C.S. Lewis’s last interview was on May 7, 1963—six months before he died. Sherwood Wirt (1911-2001) asked for his writing advice: “How would you suggest a young Christian writer go about developing a style?”
The way for a person to develop a style is
(a) to know exactly what he wants to say, and
(b) to be sure he is saying exactly that.
The reader, we must remember, does not start by knowing what we mean. If our words are ambiguous, our meaning will escape him.
I sometimes think that writing is like driving sheep down a road. If there is any gate open to the left or the right the reader will most certainly go into it.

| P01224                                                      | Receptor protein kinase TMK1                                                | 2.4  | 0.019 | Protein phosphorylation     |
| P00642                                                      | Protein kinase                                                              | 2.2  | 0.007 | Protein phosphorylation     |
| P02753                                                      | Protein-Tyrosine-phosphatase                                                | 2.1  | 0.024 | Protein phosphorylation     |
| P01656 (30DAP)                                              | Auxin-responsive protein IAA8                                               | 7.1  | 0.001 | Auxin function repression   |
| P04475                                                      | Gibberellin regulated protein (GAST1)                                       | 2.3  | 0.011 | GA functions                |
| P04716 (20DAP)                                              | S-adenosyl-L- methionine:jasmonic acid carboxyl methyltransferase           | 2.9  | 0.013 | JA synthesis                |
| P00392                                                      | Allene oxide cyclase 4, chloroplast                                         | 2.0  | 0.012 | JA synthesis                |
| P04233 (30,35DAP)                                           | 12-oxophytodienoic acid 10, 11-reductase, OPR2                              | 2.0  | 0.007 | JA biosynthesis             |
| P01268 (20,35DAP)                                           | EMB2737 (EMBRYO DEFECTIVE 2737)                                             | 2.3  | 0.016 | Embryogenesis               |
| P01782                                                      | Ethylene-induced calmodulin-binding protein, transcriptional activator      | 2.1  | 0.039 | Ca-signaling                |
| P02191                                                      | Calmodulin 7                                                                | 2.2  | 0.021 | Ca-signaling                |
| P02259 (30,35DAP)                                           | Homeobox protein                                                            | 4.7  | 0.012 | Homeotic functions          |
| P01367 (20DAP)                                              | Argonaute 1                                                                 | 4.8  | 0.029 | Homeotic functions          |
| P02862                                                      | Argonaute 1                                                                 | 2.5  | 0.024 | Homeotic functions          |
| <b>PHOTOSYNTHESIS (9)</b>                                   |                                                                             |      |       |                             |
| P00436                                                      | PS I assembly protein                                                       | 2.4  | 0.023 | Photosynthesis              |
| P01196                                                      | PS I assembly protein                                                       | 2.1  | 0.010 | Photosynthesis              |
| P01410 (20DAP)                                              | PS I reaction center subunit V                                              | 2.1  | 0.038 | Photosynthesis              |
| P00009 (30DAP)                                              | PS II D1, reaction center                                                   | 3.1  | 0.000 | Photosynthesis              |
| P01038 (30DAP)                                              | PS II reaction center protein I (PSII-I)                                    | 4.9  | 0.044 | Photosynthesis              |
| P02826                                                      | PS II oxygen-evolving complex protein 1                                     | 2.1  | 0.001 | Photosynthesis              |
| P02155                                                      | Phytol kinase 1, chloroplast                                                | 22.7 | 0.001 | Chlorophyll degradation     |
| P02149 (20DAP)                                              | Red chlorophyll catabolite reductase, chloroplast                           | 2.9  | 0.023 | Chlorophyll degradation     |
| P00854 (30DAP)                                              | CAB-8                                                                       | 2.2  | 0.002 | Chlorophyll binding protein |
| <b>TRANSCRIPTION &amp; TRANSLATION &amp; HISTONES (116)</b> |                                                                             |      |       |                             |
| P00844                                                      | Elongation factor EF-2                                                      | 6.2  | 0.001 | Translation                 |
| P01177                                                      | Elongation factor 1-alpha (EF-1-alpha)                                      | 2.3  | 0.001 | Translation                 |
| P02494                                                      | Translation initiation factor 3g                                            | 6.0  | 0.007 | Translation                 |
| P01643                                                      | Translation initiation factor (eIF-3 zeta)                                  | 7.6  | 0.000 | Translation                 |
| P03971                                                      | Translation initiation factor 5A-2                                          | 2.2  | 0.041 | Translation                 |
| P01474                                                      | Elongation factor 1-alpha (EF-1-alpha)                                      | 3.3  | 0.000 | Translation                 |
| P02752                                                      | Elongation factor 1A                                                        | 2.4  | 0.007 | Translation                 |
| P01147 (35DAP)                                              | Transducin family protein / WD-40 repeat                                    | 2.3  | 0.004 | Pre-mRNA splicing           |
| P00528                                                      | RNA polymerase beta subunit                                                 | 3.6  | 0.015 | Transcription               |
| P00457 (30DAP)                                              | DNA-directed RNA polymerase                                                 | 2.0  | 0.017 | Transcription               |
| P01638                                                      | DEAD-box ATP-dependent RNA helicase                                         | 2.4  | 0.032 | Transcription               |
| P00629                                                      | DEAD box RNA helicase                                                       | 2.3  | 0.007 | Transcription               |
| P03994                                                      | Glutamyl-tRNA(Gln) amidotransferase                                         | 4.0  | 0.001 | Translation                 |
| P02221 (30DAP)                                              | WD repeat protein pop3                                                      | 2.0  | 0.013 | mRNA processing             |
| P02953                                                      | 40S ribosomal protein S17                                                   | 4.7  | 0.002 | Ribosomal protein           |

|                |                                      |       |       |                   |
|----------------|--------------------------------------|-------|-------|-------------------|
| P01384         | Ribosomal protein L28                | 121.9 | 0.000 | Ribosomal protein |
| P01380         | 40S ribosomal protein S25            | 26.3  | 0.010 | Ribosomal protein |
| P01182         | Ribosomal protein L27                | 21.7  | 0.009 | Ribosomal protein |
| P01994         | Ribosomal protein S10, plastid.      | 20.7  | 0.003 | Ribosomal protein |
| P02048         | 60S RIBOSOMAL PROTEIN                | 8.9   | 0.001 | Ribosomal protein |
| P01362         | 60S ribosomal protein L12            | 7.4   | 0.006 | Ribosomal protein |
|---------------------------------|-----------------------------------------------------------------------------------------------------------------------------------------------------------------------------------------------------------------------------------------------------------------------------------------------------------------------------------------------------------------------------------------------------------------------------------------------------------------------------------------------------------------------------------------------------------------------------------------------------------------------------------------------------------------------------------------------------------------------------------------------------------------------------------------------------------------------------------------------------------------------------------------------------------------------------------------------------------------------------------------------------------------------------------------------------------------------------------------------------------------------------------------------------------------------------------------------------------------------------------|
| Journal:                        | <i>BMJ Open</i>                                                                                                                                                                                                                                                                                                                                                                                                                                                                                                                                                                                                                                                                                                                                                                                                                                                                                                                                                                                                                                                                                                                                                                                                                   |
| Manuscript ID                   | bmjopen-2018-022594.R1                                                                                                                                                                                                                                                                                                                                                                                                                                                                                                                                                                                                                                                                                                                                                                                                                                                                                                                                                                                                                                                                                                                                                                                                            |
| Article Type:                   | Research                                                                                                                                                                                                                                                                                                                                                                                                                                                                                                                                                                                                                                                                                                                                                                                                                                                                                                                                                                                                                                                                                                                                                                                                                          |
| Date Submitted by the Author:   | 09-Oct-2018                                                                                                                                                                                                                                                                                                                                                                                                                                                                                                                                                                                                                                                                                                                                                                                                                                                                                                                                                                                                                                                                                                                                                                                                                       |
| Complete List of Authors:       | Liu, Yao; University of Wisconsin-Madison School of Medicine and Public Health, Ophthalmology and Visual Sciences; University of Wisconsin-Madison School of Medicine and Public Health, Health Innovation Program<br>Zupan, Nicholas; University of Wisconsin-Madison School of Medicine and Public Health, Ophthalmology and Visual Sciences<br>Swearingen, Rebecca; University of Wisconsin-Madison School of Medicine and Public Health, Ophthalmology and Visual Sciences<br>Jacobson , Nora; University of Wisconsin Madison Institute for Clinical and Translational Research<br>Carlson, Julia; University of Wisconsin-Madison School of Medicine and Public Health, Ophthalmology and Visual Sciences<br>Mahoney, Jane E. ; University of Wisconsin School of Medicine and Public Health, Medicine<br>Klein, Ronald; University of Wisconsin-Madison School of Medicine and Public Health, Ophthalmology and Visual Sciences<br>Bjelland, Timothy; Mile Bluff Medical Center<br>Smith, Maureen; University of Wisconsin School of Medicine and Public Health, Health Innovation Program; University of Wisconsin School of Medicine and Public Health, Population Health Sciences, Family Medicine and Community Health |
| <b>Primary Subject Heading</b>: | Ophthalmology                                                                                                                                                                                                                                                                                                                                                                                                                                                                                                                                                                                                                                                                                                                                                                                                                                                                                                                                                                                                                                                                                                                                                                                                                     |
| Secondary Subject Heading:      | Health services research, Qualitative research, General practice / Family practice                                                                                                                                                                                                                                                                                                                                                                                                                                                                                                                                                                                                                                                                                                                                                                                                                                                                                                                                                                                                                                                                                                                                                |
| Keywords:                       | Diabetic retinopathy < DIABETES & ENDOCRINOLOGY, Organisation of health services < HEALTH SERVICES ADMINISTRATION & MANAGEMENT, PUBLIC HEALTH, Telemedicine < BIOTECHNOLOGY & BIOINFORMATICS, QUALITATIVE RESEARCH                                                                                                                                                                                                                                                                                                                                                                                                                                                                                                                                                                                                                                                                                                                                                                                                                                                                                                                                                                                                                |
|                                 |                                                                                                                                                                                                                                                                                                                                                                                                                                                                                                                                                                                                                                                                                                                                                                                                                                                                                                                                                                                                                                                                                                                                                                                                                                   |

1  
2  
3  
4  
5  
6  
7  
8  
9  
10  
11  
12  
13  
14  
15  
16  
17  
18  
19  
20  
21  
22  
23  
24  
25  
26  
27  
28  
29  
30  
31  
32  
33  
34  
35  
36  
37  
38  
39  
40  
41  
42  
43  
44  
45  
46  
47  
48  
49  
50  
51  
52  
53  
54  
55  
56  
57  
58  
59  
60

—C. S. Lewis, “Cross-Examination,” in C.S. Lewis: Essay Collection and Other Short Pieces, ed. Lesley Walmsley (London: HarperCollins, 2000), 555.
This is one of the reasons Lewis is still read today. Agree or disagree with what he’s saying, you don’t have to wonder what he thinks. This blessed clarity and precision is a gift we can emulate.